One of the most troubling parts of the War on Drugs is the way that it can divide families. In a recent case in Clearfield, an alleged member of a Houtzdale cocaine distribution ring received a lighter sentence because he has been cooperating in the prosecution of his mother. The mother, Pamela G., has demanded a jury trial to prove her innocence.
She doesn’t seem to have been deeply involved in the cocaine ring, if the Centre Daily Times’ report about the grand jury indictment is accurate. The grand jury found that several members of the family participated in selling cocaine to a confidential informant. These included:
- Todd A., who allegedly bought the cocaine in Beaver Falls and sold to the informant
- Robert G., who allegedly sold to the informant
- Catherine A., Robert G.’s sister and Todd A’s wife, who allegedly sold to the informant
- Leroy B., Todd A.’s uncle, who allegedly sold to the informant and who, police claim, was found in possession of 28 grams of cocaine, over $2,700 in cash and checks, an “owe sheet” describing money owed by Todd A., several cellphones and some drug paraphernalia.
During a previous search of Leroy B.’s apartment in June, police say they found 46 grams of cocaine, a scale and baggies.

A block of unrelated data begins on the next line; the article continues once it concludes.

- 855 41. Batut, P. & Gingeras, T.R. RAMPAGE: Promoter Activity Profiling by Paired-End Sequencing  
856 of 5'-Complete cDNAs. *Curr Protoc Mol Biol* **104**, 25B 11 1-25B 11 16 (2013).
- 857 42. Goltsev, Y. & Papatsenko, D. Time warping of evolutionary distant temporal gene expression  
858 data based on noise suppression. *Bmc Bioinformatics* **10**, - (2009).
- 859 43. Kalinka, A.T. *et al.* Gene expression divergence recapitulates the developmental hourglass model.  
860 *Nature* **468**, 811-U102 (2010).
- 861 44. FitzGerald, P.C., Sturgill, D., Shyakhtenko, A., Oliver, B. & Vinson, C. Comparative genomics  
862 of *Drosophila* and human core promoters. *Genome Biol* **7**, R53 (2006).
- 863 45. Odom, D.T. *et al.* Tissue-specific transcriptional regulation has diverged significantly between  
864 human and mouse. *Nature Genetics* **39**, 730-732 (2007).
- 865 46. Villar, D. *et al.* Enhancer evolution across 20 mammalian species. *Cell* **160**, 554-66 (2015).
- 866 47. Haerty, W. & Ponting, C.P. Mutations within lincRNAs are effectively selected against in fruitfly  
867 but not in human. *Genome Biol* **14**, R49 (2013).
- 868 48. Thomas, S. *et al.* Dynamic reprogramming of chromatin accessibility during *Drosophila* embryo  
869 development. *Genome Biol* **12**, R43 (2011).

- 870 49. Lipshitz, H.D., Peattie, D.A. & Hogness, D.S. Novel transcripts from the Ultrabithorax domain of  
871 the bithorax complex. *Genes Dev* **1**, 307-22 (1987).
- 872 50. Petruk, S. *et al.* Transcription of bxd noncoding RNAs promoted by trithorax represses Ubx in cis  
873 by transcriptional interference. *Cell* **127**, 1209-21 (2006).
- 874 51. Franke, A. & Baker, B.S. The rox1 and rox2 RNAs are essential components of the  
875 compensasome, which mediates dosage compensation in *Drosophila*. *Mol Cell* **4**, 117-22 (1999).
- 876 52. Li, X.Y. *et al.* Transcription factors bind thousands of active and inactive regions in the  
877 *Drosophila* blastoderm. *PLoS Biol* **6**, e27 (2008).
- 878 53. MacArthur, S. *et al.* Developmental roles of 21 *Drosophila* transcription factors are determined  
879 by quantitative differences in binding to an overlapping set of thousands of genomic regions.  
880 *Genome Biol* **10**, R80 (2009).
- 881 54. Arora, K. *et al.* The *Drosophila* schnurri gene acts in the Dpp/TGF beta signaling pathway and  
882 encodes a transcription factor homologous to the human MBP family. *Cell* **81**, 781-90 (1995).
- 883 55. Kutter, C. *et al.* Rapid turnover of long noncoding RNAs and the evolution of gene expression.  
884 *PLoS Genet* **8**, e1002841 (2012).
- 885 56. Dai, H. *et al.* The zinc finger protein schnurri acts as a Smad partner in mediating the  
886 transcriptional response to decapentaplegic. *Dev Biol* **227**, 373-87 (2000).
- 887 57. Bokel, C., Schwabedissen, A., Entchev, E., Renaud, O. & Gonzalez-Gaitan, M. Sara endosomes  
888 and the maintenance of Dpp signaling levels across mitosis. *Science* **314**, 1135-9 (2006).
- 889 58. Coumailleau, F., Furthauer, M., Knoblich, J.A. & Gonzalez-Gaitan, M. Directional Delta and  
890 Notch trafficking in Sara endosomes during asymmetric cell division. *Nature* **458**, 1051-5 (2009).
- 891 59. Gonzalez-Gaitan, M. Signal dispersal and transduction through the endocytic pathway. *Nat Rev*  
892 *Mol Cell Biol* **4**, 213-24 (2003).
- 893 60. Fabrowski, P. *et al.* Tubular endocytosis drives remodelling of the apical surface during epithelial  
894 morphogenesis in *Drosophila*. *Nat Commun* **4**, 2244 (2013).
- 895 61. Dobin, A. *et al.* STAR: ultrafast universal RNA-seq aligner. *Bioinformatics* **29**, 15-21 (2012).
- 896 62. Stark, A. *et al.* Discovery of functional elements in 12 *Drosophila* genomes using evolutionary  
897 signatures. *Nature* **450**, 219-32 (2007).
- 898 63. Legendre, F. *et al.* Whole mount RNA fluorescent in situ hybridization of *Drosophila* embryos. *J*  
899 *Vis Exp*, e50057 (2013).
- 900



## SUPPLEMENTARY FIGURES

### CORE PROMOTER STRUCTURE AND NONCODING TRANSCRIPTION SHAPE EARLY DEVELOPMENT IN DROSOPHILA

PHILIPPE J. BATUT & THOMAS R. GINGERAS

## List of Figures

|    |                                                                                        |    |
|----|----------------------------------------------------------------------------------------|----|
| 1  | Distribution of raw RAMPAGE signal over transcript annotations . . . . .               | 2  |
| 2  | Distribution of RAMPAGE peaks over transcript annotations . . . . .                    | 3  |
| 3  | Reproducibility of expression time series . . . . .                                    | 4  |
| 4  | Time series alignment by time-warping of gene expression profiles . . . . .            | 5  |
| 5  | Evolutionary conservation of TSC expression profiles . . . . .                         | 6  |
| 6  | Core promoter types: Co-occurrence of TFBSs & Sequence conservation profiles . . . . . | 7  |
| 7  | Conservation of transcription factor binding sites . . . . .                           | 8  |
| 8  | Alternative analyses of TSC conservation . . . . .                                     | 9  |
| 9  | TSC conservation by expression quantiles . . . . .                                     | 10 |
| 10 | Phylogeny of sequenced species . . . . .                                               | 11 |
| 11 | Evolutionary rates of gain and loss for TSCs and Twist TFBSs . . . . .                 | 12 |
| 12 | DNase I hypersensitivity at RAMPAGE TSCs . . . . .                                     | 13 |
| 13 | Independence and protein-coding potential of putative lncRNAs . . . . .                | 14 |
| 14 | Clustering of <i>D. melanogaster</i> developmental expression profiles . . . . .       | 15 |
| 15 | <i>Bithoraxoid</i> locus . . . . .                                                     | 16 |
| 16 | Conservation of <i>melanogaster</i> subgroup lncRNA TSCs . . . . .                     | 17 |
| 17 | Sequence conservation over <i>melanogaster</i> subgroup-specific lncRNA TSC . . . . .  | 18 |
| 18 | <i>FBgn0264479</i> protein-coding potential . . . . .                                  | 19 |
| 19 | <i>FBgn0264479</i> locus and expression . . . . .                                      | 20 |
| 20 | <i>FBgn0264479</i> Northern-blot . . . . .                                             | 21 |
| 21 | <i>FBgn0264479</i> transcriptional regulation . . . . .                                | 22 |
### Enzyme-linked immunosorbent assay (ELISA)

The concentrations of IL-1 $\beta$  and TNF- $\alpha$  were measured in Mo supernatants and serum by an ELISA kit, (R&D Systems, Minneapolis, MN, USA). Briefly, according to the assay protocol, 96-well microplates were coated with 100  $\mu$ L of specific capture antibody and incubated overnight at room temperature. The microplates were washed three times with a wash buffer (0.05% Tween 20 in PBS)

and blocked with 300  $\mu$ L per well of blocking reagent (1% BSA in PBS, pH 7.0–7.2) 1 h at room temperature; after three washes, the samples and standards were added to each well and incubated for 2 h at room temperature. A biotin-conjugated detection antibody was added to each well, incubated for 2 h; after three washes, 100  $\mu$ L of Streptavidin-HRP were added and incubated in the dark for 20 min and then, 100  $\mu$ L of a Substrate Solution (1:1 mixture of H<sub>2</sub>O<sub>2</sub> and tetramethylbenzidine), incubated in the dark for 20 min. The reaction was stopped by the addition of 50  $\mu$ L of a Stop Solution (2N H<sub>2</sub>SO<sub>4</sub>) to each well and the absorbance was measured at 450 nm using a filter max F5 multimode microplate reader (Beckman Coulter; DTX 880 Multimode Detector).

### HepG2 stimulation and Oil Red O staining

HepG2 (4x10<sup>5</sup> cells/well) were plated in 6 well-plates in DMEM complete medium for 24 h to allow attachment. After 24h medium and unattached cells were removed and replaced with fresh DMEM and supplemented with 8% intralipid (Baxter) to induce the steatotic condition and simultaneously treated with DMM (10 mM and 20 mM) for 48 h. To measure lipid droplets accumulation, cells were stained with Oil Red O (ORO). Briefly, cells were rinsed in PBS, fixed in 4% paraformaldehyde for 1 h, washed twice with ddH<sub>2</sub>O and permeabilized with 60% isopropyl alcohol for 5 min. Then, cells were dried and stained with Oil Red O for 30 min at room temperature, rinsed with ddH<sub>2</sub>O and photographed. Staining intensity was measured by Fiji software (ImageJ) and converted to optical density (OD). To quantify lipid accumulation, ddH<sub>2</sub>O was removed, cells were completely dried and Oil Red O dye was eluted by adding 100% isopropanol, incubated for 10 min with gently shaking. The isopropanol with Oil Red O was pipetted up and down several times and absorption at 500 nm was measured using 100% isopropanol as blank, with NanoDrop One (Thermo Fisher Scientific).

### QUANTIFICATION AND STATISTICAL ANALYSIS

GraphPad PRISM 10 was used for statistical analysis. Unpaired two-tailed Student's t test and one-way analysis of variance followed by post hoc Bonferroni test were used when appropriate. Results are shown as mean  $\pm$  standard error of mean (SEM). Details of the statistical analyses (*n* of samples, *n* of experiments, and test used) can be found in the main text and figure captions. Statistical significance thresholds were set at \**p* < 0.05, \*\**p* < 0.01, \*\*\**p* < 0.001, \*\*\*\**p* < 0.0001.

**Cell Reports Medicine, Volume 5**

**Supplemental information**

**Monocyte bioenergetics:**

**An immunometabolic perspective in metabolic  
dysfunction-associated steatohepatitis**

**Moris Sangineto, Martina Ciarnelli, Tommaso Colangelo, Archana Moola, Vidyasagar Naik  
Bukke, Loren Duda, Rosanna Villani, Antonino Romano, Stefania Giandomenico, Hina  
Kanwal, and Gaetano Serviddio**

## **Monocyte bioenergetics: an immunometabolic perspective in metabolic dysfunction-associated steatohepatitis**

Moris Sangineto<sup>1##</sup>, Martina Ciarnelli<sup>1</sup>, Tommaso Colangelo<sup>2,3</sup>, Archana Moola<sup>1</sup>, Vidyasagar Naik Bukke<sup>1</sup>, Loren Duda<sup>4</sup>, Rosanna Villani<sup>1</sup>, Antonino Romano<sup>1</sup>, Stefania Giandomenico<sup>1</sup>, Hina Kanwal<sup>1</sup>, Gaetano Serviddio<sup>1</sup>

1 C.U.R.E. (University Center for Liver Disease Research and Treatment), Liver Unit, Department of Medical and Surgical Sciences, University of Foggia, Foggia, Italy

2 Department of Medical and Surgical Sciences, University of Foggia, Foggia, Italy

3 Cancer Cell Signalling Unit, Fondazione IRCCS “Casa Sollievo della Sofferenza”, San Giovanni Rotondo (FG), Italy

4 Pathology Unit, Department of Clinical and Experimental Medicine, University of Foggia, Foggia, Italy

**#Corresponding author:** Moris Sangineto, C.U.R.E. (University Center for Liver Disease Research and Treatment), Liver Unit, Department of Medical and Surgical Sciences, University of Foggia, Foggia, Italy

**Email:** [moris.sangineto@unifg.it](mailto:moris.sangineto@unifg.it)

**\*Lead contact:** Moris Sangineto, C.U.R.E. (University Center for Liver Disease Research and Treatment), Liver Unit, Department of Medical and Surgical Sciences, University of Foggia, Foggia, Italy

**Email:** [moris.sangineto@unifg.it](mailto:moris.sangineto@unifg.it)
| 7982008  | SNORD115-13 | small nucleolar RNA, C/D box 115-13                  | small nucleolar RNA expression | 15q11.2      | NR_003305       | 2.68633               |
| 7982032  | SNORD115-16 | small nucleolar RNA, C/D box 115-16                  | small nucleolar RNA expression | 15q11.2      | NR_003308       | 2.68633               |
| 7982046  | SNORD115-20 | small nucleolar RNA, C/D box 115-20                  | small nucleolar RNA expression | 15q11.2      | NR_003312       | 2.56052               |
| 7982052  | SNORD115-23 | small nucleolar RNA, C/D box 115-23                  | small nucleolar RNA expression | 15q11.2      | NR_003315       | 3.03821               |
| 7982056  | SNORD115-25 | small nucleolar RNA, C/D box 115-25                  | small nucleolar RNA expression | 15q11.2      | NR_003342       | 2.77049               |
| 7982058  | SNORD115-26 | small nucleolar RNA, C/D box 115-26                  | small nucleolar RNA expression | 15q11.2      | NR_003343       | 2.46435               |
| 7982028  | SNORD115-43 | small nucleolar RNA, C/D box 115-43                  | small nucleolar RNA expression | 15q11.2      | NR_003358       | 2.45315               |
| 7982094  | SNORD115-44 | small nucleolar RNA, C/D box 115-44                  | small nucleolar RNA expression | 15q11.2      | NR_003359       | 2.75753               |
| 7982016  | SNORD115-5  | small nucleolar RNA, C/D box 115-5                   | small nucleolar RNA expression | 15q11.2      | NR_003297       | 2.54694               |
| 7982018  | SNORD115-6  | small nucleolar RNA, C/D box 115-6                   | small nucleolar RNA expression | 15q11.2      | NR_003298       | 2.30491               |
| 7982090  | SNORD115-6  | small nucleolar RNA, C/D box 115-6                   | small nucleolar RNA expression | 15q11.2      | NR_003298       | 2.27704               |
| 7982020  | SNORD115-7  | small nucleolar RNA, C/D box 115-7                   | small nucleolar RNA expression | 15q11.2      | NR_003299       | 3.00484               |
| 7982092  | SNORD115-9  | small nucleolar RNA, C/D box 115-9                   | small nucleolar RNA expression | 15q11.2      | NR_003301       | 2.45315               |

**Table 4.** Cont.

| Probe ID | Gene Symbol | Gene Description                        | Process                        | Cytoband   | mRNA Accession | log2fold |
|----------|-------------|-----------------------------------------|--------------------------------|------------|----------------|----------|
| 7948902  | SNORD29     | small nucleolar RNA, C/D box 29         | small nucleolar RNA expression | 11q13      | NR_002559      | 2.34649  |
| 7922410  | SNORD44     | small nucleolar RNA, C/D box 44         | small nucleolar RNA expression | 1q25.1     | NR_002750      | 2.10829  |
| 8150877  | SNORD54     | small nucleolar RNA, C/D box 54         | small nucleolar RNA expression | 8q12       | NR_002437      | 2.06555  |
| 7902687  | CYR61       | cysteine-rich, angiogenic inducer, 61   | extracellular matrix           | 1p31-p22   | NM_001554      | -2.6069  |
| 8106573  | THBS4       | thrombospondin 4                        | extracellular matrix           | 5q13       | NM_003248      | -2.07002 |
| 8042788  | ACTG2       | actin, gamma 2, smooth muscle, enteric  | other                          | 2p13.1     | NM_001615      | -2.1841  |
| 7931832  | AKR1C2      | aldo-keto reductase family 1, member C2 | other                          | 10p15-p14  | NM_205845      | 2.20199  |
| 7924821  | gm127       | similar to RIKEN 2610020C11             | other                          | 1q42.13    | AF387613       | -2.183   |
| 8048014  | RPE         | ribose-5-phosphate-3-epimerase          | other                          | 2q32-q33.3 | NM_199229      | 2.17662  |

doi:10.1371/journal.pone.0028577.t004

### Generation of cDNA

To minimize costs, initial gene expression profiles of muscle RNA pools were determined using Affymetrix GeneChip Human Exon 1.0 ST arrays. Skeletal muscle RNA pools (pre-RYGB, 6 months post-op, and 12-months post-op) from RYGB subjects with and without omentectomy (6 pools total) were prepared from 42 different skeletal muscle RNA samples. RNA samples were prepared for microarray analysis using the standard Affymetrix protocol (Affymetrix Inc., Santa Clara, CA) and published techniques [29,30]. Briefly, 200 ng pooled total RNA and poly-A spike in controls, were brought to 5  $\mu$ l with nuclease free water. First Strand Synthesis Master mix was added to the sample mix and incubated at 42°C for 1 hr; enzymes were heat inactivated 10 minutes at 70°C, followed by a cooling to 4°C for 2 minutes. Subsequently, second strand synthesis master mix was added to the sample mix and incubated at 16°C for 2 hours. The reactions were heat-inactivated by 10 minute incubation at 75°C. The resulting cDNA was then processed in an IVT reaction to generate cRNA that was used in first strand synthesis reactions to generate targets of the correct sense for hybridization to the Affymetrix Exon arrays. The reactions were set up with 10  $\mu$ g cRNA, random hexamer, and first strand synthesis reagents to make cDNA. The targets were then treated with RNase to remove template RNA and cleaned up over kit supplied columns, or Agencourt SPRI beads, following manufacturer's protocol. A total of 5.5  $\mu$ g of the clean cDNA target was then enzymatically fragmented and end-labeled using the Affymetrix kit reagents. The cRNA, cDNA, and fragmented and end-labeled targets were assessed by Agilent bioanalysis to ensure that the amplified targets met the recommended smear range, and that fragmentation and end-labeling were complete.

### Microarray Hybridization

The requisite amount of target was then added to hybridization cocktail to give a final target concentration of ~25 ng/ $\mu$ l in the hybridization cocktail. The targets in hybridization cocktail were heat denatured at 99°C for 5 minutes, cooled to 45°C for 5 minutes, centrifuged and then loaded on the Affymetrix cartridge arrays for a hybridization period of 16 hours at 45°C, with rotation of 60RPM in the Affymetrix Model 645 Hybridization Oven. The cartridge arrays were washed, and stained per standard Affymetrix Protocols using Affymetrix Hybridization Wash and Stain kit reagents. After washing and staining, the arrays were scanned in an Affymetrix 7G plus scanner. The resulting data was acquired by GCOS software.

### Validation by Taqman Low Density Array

Leroy B. apparently told police that the source of the cocaine was his nephew, Todd A. The nephew pled guilty and was sentenced to between eight and 16 years in state prison.
It is unclear exactly what role Pamela G. may have played in the alleged conspiracy. According to the Times, she was not among those who either bought the cocaine or sold it to the informant.
Robert G. either pled or was found guilty of possession of cocaine with intent to deliver, criminal use of a communication facility, and criminal conspiracy. He was sentenced to between 11-1/2 months and almost two years in the Clearfield County Jail. But for his cooperation, he might have been sent to state prison.
Unfortunately, when prosecutors give a lighter sentence to a defendant in order to obtain their cooperation against others, there is a serious chance that the defendant will exaggerate or even fabricate evidence to please the prosecution and earn the reward.
It’s also crucial to remember that grand jury allegations are not evidence of guilt. Prosecutors present their strongest case to the grand jury in order to show they have probable cause to charge the defendants — and that is all the grand jury decides. The defense doesn’t even participate in grand jury proceedings.
A February trial for Pamela G. had to be postponed due to a key witness’s illness. A new date has not been set.